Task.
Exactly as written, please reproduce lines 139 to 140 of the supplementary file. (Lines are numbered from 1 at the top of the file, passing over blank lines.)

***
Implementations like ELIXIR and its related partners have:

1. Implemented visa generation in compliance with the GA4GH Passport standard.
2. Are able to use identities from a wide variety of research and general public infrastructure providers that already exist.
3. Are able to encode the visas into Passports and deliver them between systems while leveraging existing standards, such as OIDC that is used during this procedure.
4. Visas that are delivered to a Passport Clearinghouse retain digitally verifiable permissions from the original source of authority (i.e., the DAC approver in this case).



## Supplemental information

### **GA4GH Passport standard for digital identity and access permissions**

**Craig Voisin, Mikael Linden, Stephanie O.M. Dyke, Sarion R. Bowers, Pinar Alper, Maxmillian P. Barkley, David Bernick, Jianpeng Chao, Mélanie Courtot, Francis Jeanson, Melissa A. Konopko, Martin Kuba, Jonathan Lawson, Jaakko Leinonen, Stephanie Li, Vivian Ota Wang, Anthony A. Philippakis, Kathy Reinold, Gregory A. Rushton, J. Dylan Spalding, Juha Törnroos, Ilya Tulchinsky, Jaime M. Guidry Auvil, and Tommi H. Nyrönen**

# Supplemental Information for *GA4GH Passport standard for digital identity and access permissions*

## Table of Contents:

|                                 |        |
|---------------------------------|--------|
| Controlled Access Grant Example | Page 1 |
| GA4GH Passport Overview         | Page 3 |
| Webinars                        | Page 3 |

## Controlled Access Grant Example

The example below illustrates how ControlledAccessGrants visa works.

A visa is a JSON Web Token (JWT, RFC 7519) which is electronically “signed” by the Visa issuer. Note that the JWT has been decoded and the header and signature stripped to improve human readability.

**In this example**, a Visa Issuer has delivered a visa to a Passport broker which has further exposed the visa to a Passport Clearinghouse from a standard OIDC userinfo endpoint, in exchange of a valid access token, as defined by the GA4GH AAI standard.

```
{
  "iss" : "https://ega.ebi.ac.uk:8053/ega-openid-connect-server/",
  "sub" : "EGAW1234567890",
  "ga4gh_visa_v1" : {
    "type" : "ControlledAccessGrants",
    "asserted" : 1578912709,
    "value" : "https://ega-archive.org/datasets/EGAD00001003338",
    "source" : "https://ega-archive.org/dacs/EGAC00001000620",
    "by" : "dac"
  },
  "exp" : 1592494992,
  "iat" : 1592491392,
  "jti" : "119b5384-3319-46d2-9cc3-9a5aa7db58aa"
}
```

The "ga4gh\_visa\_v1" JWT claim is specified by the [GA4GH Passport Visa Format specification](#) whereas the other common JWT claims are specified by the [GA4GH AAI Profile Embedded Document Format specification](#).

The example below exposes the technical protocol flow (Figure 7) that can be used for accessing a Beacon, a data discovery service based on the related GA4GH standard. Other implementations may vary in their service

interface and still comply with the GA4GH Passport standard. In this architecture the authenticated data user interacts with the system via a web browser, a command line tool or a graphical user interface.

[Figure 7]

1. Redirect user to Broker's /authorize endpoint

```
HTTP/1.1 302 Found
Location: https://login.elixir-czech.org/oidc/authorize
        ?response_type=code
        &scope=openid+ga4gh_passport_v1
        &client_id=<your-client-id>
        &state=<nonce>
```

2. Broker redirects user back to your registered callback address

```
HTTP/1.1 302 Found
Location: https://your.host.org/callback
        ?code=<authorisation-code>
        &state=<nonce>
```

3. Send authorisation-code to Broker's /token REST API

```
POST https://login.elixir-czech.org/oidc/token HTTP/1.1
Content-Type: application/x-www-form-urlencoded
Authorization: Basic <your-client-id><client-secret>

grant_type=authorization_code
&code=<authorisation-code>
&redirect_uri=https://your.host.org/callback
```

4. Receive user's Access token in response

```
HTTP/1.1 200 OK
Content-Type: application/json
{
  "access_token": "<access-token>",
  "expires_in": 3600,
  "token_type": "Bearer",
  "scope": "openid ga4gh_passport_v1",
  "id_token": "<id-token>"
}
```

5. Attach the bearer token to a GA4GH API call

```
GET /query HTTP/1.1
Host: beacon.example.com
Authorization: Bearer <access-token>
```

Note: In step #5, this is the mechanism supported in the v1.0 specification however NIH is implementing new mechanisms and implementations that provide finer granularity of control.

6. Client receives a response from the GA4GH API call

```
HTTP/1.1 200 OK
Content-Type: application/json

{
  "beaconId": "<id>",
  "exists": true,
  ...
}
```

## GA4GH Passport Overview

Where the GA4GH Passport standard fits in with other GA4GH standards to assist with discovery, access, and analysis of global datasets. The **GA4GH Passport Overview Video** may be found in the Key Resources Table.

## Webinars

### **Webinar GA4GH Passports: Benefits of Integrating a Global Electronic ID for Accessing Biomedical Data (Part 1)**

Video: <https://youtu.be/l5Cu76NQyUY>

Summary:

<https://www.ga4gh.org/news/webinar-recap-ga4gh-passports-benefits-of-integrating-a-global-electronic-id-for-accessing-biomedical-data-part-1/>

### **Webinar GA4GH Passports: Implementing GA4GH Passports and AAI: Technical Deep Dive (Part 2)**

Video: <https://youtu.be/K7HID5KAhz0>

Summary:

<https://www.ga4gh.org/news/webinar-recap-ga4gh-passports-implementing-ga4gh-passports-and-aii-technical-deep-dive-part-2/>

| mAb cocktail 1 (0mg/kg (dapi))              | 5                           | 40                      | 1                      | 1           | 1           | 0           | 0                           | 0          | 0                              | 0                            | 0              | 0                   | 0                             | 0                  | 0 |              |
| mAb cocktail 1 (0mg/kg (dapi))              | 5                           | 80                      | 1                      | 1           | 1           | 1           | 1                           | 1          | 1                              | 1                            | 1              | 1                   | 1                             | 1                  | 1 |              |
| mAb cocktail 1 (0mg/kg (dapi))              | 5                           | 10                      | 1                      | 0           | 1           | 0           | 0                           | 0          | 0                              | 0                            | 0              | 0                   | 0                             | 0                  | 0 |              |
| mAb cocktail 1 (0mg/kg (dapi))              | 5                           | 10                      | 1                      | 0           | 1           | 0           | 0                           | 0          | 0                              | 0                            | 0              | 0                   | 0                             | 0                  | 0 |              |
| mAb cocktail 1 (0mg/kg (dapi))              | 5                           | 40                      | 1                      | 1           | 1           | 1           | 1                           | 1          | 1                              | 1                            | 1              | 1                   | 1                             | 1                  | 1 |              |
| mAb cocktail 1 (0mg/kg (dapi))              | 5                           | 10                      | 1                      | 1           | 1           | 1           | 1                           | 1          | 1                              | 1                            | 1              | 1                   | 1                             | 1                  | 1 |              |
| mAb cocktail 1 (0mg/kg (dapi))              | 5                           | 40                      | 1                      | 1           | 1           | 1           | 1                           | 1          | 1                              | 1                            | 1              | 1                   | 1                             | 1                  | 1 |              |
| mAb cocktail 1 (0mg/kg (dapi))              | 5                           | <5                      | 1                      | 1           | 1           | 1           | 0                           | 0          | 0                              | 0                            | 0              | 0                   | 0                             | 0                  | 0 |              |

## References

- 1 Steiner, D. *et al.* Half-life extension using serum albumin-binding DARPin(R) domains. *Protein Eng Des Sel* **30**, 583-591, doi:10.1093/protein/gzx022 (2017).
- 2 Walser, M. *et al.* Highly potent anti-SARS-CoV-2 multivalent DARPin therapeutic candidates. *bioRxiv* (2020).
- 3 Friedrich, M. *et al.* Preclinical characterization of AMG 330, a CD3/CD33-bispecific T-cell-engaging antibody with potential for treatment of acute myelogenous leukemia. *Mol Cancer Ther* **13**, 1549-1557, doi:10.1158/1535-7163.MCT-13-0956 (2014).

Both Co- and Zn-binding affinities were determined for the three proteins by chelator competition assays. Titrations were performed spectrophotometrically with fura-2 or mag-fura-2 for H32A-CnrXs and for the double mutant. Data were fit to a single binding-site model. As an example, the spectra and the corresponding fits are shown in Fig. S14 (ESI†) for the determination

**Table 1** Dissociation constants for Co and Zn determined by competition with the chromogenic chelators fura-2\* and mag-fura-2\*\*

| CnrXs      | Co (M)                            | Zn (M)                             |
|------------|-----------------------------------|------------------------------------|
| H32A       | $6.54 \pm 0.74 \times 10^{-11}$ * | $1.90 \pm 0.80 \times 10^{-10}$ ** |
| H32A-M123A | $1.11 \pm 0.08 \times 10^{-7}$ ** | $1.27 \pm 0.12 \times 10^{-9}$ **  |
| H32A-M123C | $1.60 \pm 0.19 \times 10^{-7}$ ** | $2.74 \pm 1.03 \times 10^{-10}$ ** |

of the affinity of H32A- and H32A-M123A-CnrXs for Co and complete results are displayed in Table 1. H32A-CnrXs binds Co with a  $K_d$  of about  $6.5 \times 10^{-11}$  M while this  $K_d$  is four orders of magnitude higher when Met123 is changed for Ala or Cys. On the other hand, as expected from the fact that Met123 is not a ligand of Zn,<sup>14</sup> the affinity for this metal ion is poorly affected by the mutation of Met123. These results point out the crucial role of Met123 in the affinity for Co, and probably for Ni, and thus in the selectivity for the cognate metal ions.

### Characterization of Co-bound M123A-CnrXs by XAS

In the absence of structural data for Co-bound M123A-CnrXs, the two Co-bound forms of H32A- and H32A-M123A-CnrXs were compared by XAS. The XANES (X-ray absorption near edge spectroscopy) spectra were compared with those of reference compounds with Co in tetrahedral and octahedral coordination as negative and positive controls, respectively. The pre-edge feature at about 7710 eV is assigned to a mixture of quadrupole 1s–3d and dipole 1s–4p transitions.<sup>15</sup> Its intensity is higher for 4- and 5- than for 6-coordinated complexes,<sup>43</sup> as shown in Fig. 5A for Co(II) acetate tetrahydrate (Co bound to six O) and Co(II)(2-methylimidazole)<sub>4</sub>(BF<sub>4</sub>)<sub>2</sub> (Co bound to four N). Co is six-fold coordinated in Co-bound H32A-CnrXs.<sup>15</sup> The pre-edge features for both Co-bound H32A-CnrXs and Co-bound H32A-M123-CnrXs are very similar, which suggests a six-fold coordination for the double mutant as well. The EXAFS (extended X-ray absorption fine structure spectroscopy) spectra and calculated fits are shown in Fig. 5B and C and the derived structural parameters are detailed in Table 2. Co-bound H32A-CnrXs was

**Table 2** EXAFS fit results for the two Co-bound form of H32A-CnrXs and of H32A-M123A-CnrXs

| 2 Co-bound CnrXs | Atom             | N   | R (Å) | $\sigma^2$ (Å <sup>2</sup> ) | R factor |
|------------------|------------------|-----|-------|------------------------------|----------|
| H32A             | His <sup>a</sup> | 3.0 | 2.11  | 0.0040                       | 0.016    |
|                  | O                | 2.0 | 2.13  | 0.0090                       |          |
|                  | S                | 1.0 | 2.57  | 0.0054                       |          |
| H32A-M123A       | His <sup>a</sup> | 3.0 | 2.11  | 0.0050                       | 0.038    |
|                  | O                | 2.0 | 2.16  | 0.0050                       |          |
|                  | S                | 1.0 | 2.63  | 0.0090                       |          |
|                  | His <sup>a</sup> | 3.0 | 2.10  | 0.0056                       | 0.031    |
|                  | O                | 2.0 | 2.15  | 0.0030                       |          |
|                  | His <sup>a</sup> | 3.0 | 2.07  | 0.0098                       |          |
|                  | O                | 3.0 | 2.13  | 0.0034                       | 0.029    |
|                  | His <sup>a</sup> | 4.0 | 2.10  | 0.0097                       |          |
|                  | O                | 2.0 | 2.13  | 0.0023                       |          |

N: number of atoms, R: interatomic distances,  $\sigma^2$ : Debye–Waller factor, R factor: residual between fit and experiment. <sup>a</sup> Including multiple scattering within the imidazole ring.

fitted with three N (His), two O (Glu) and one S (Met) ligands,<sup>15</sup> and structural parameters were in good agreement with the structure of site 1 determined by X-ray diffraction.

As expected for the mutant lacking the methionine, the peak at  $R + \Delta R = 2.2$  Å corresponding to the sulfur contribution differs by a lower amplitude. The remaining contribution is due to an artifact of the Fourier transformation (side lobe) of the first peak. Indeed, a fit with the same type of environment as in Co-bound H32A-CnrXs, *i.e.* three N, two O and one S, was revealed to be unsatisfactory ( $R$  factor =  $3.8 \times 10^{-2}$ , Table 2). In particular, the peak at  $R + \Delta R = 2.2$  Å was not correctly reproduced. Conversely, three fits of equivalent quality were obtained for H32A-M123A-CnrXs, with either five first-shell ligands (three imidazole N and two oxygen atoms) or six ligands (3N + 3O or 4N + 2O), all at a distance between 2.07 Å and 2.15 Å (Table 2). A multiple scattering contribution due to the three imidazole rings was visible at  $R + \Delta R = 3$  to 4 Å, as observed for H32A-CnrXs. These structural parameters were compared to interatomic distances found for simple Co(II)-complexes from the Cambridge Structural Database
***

|                  | O                | 3.0 | 2.13  | 0.0034                       | 0.029    |
|                  | His <sup>a</sup> | 4.0 | 2.10  | 0.0097                       |          |